On July 2 many churches bless water in remembrance of the healings which took place after the Mother of God ordered Father Basil Danilov to wash the icon.
The icon is rather unusual, and does not seem to have an earlier prototype. It is painted in a Western style, and shows the Theotokos with an uncovered head. The Crucifixion of Christ is depicted in much smaller proportions, and the Virgin seems to be gazing directly at the Cross. Her hands are held with the palms together, and the fingers pointing upward, which is not a typical gesture of prayer in Orthodox iconography.
No information available at this time.
This icon is from Theodotiev (Feodotevo) in the Ryazan Province.
Saint Stephen succeeded his father, Prince Bogdan II, as Prince of Moldavia on April 12, 1457 soon after the latter was murdered. He defended his country against the Turks, and he also built many churches and monasteries.
Saint Stephen the Great was a spiritual son of Saint Daniel the Hesychast (December 18), who told him that if he built a church after every battle he would be victorious in all his wars. Following Saint Daniel’s counsel, Saint Stephen won forty-seven battles and built forty-eight churches or monasteries. He also built the Putna Dormition Monastery in northern Moldavia in 1466 when Saint Daniel urged him to do so.
In 1476, Saint Stephen lost the battle of Razboieni to the Turks. He went to visit Saint Daniel at the Voronets Monastery to ask whether or not he should surrender the country to the Moslems. Saint Daniel told him not to surrender, because he would soon win a decisive victory. Saint Daniel also told him that after he had saved the nation, Stephen should build a monastery in honor of Saint George at that place. Having faith in Saint Daniel’s prophecy, Stephen went forth with his army and drove the Turks from the country.
Saint Stephen fell asleep in the Lord on July 2, 1504, and was buried at the Putna Monastery. He was glorified by the Orthodox Church of Romania in 1992.
Our Father among the Saints John (Maximovitch), Archbishop of Shanghai and San Francisco (1896-1966), was a diocesan bishop of the Russian Orthodox Church Outside Russia (ROCOR) who served widely from China to France to the United States.
Saint John departed this life on June 19 (O.S.) / July 2 (N.S.), 1966, and was officially glorified by the Russian Orthodox Church Abroad on July 2, 1994. His glorification was later recognized for universal veneration by the Patriarchate of Moscow on July 2, 2008.
The future Saint John was born on June 4, 1896, in the village of Adamovka in Kharkiv province to pious aristocrats, Boris and Glafira Maximovitch. He was given the baptismal name of Michael, after the Holy Archangel Michael. In his youth, Michael was sickly and had a poor appetite, but he displayed an intense religious interest. He was educated at the Poltava Military School (1907-14); Kharkiv Imperial University, from which he received a law degree (in 1918); and the University of Belgrade (where he completed his theological education in 1925).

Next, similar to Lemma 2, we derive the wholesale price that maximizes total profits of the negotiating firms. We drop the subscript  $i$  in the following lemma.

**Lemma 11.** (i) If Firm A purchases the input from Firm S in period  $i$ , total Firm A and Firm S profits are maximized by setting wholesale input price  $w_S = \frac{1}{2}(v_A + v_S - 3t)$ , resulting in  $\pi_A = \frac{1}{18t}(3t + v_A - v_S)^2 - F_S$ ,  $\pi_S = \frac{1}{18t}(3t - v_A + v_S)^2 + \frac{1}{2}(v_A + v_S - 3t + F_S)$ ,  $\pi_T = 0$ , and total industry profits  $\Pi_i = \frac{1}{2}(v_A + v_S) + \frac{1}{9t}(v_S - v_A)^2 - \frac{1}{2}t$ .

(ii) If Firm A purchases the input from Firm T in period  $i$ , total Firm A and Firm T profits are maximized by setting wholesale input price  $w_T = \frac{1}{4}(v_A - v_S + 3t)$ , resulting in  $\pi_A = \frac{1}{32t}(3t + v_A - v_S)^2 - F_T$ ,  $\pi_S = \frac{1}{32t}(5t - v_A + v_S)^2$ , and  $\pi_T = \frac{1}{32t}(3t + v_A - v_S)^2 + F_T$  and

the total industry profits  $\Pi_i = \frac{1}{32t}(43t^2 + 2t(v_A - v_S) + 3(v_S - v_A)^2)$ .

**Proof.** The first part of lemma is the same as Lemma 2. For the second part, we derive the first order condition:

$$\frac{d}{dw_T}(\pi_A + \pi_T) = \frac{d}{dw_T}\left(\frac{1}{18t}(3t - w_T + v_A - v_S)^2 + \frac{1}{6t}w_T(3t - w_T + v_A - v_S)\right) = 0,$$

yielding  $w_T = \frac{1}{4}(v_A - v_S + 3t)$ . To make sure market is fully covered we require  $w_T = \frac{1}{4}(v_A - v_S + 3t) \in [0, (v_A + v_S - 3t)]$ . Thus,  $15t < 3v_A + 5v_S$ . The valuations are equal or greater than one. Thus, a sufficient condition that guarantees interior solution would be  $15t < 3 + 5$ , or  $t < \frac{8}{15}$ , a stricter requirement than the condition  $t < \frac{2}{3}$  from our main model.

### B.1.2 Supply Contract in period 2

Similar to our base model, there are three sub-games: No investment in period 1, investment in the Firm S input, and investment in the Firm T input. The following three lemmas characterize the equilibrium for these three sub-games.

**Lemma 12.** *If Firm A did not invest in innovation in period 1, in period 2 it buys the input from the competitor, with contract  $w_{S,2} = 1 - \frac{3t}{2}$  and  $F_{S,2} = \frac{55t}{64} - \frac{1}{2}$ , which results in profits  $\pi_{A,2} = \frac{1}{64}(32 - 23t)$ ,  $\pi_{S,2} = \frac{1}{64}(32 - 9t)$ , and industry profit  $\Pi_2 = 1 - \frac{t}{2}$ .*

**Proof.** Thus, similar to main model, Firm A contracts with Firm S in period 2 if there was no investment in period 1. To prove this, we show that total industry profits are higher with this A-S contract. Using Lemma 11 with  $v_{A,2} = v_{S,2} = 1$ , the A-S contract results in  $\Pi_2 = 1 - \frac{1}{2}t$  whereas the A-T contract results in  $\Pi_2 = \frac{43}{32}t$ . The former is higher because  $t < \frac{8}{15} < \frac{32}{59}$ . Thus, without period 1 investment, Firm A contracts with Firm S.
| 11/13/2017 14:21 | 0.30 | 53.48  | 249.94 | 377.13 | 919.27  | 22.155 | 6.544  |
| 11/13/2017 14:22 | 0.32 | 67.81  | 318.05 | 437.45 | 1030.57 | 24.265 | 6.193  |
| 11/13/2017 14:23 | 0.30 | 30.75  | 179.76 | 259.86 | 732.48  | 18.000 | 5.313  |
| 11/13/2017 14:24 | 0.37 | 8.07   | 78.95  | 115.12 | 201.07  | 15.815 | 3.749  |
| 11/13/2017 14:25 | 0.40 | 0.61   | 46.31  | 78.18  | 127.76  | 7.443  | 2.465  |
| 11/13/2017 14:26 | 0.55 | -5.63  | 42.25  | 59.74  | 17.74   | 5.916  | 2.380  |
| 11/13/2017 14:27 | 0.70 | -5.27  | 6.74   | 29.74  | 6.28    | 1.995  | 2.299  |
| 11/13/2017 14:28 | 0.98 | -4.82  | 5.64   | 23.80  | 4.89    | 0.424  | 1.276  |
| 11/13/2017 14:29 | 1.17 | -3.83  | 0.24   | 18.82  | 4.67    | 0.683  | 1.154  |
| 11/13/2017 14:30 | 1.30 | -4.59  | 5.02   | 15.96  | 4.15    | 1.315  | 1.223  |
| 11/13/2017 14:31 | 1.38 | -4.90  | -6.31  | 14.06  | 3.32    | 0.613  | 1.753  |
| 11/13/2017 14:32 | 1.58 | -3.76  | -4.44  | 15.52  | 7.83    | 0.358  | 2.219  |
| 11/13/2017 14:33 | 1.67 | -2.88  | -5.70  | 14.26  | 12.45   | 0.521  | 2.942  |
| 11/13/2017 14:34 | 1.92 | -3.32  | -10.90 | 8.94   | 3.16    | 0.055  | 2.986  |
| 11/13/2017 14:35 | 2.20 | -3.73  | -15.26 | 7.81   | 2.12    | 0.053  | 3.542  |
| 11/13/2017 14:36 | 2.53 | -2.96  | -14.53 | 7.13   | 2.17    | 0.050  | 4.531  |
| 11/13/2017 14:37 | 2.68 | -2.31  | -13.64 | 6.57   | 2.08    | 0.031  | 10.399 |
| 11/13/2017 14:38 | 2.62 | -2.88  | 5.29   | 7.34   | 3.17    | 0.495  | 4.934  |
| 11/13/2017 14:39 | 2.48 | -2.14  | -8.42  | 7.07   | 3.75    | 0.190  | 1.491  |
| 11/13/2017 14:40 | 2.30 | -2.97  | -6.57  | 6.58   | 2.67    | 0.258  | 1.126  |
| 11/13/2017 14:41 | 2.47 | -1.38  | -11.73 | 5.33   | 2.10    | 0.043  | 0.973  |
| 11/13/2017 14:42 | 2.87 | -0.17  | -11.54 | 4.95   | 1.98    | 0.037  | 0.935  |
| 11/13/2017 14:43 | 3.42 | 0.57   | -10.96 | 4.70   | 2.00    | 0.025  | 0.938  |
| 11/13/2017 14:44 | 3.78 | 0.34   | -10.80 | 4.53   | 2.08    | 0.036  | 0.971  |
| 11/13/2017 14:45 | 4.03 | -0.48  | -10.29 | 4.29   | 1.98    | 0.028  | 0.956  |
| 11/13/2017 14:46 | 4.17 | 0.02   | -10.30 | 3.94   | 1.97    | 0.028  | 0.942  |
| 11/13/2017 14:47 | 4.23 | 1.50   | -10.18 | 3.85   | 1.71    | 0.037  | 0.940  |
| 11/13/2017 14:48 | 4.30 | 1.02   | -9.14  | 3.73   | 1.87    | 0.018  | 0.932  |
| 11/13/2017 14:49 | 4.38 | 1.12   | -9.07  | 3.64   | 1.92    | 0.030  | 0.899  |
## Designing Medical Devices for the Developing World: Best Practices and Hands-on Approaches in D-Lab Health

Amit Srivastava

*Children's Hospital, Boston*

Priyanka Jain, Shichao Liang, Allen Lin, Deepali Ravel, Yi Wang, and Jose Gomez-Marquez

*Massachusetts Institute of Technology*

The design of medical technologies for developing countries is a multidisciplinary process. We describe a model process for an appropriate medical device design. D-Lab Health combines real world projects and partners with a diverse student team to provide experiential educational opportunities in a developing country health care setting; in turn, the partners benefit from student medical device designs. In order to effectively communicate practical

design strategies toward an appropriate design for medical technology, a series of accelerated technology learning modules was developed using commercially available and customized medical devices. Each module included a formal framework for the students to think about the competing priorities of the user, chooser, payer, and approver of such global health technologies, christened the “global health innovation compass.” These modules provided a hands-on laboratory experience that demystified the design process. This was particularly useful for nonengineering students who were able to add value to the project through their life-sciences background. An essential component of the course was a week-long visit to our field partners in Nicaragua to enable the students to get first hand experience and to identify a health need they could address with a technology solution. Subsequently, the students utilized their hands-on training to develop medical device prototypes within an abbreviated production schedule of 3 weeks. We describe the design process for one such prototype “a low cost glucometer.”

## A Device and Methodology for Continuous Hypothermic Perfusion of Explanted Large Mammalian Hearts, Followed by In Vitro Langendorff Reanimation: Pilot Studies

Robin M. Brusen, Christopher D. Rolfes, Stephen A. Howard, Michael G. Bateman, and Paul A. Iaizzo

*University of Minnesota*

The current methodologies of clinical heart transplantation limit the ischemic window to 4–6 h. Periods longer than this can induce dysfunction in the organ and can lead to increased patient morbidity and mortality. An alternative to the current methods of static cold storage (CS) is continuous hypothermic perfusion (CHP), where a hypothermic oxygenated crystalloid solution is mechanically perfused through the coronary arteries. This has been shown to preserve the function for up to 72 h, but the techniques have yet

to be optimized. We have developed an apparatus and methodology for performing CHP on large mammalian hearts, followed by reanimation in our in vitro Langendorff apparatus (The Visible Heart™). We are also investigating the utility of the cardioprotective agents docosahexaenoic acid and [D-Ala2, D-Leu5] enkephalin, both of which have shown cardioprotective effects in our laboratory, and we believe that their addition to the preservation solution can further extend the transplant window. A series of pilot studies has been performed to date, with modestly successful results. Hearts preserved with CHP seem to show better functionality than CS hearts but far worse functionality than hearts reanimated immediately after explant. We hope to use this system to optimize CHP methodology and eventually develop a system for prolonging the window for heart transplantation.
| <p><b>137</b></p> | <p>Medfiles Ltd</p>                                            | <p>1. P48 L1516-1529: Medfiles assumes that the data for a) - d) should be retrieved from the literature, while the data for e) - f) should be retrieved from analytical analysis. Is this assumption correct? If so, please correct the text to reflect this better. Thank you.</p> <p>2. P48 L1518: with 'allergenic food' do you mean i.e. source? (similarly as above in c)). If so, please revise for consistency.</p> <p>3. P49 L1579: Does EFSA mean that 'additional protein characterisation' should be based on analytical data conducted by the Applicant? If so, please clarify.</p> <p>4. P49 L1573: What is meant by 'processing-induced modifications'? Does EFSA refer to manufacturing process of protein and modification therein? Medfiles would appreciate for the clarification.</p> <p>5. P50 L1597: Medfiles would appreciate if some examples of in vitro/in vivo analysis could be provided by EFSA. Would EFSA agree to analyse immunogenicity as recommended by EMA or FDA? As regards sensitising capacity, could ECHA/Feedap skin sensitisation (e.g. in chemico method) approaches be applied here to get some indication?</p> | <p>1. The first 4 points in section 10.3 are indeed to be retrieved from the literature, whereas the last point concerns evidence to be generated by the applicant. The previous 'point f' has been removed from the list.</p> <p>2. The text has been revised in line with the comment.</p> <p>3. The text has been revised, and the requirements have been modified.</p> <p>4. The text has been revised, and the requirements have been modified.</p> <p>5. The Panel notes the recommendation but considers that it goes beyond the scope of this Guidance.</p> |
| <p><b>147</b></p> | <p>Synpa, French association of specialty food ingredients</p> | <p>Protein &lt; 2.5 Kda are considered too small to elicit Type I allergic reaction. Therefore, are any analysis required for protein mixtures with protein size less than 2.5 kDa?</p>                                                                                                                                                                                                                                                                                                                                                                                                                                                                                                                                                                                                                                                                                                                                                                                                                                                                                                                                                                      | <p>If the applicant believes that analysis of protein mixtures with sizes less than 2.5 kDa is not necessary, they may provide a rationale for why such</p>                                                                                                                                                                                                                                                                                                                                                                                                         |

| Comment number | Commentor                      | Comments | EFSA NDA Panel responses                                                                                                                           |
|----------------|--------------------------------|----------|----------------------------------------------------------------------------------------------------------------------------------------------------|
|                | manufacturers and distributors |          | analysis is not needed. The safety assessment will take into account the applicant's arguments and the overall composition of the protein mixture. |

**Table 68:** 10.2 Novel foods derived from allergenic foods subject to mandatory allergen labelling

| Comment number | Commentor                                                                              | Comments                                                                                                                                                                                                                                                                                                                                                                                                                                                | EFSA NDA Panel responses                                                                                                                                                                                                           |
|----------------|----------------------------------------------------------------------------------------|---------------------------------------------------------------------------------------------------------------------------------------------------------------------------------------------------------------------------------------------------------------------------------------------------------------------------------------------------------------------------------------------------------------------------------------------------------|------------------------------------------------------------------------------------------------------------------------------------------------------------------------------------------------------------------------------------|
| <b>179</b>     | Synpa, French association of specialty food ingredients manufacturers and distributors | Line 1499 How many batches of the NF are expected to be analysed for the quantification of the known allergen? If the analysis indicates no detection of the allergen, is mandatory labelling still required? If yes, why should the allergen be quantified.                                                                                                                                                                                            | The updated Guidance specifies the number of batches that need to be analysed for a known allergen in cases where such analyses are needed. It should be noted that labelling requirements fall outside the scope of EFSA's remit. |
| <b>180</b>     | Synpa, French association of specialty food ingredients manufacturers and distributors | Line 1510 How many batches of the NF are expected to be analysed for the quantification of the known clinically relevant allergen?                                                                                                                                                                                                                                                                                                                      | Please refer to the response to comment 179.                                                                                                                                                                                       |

He and his family fled their country as the Bolshevik revolutionaries descended on the country, emigrating to Yugoslavia. There, he enrolled in the Department of Theology of the University of Belgrade. He was tonsured a monk in 1926 by Metropolitan Anthony (Khrapovitsky) of Kharkov (later the first primate of the Russian Orthodox Church Outside of Russia). Metropolitan Anthony later in 1926 ordained him hierodeacon. Bishop Gabriel of Chelyabinsk ordained him hieromonk on November 21, 1926. Subsequent to his ordination he began an active life of teaching in a Serbian high school and serving, at the request of local Greeks and Macedonians, in the Greek language. With the growth of his popularity, the bishops of the Russian Church Aboard resolved to elevate him to the episcopate.
Hieromonk John was consecrated bishop on May 28, 1934, with Metropolitan Anthony serving as principal consecrator, after which he was assigned to the Diocese of Shanghai. Twelve years later he was named Archbishop of China. Upon his arrival in Shanghai, Bishop John began working to restore unity among the various Orthodox nationalities. In time, he worked to build a large cathedral church that was dedicated to Surety of Sinners Icon to the Mother of God, with a bell tower and large parish house. Additionally, he inspired many activities: building of churches, hospitals, and orphanages among the Orthodox and Russians of Shanghai. He was intensely active, constantly praying and serving the daily cycle of services, while also visiting the sick with the Holy Gifts. He often would walk barefooted even in the coldest days. Yet to avoid the appearance of secular glory, he would pretend to act the fool.
With the end of World War II and the coming to power of the communists in China, Bishop John led the exodus of his community from Shanghai in 1949. Initially, he helped some 5,000 refugees to a camp on the island of Tubabao in the Philippines, while he travelled successfully to Washington, D.C., to lobby to amend the law to allow these refugees to enter the United States. It was while on this trip that Bishop John took time to establish a parish in Washington dedicated to Saint John the Forerunner.
In 1951, Archbishop John was assigned to the Archdiocese of Western Europe with his cathedra in Paris. During his time there, he also served as archpastor of the Orthodox Church of France, whose restored Gallican liturgy he studied and then celebrated. He was the principal consecrator of the Orthodox Church of France's first modern bishop, Jean-Nectaire (Kovalevsky) of Saint-Denis, and ordained to the priesthood the man who would become its second bishop, Germain (Bertrand-Hardy) of Saint-Denis.
In 1962, Archbishop John was assigned to the Diocese of San Francisco, succeeding his long time friend Archbishop Tikhon. Archbishop John's days in San Francisco were to prove sorrowful as he attempted to heal the great disunity in his community. He was able to bring peace such that the new cathedral, dedicated to the Joy of all Who Sorrow Icon of the Mother of God, was completed.
Deeply revering Saint John of Kronstadt, Archbishop John played an active role in preparation of his canonization.
He reposed during a visit to Seattle on July 2, 1966, while accompanying a tour of the Kursk-Root Icon of the Mother of God. He was laid to rest in a crypt chapel under the main altar of the new cathedral.